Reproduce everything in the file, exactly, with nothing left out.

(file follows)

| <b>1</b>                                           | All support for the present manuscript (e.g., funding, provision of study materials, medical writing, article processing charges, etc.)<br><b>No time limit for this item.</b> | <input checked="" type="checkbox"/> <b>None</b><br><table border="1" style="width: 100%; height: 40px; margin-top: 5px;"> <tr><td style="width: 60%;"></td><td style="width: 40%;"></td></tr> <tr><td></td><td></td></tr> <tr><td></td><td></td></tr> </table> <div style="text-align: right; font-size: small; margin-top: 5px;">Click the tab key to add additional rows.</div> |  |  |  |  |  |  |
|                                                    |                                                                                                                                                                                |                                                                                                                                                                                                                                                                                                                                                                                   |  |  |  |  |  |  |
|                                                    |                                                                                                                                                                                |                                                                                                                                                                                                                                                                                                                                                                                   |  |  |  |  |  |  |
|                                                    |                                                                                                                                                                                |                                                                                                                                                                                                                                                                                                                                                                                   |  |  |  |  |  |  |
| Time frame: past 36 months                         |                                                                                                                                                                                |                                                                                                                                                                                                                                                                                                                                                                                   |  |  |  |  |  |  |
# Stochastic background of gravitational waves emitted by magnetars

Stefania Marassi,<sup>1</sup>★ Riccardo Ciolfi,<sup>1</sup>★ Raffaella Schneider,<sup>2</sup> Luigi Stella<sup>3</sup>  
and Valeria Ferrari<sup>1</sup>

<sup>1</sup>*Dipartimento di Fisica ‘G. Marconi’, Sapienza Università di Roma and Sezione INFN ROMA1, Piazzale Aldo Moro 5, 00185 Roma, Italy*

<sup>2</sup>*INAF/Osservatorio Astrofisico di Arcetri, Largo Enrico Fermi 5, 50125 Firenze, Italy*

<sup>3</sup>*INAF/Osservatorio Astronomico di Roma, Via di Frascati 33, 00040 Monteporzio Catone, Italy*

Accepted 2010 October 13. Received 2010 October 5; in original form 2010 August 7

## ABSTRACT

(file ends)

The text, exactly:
| <b>1</b>                                           | All support for the present manuscript (e.g., funding, provision of study materials, medical writing, article processing charges, etc.)<br><b>No time limit for this item.</b> | <input checked="" type="checkbox"/> <b>None</b><br><table border="1" style="width: 100%; height: 40px; margin-top: 5px;"> <tr><td style="width: 60%;"></td><td style="width: 40%;"></td></tr> <tr><td></td><td></td></tr> <tr><td></td><td></td></tr> </table> <div style="text-align: right; font-size: small; margin-top: 5px;">Click the tab key to add additional rows.</div> |  |  |  |  |  |  |
|                                                    |                                                                                                                                                                                |                                                                                                                                                                                                                                                                                                                                                                                   |  |  |  |  |  |  |
|                                                    |                                                                                                                                                                                |                                                                                                                                                                                                                                                                                                                                                                                   |  |  |  |  |  |  |
|                                                    |                                                                                                                                                                                |                                                                                                                                                                                                                                                                                                                                                                                   |  |  |  |  |  |  |
| Time frame: past 36 months                         |                                                                                                                                                                                |                                                                                                                                                                                                                                                                                                                                                                                   |  |  |  |  |  |  |
# Stochastic background of gravitational waves emitted by magnetars

Stefania Marassi,<sup>1</sup>★ Riccardo Ciolfi,<sup>1</sup>★ Raffaella Schneider,<sup>2</sup> Luigi Stella<sup>3</sup>  
and Valeria Ferrari<sup>1</sup>

<sup>1</sup>*Dipartimento di Fisica ‘G. Marconi’, Sapienza Università di Roma and Sezione INFN ROMA1, Piazzale Aldo Moro 5, 00185 Roma, Italy*

<sup>2</sup>*INAF/Osservatorio Astrofisico di Arcetri, Largo Enrico Fermi 5, 50125 Firenze, Italy*

<sup>3</sup>*INAF/Osservatorio Astronomico di Roma, Via di Frascati 33, 00040 Monteporzio Catone, Italy*

Accepted 2010 October 13. Received 2010 October 5; in original form 2010 August 7

## ABSTRACT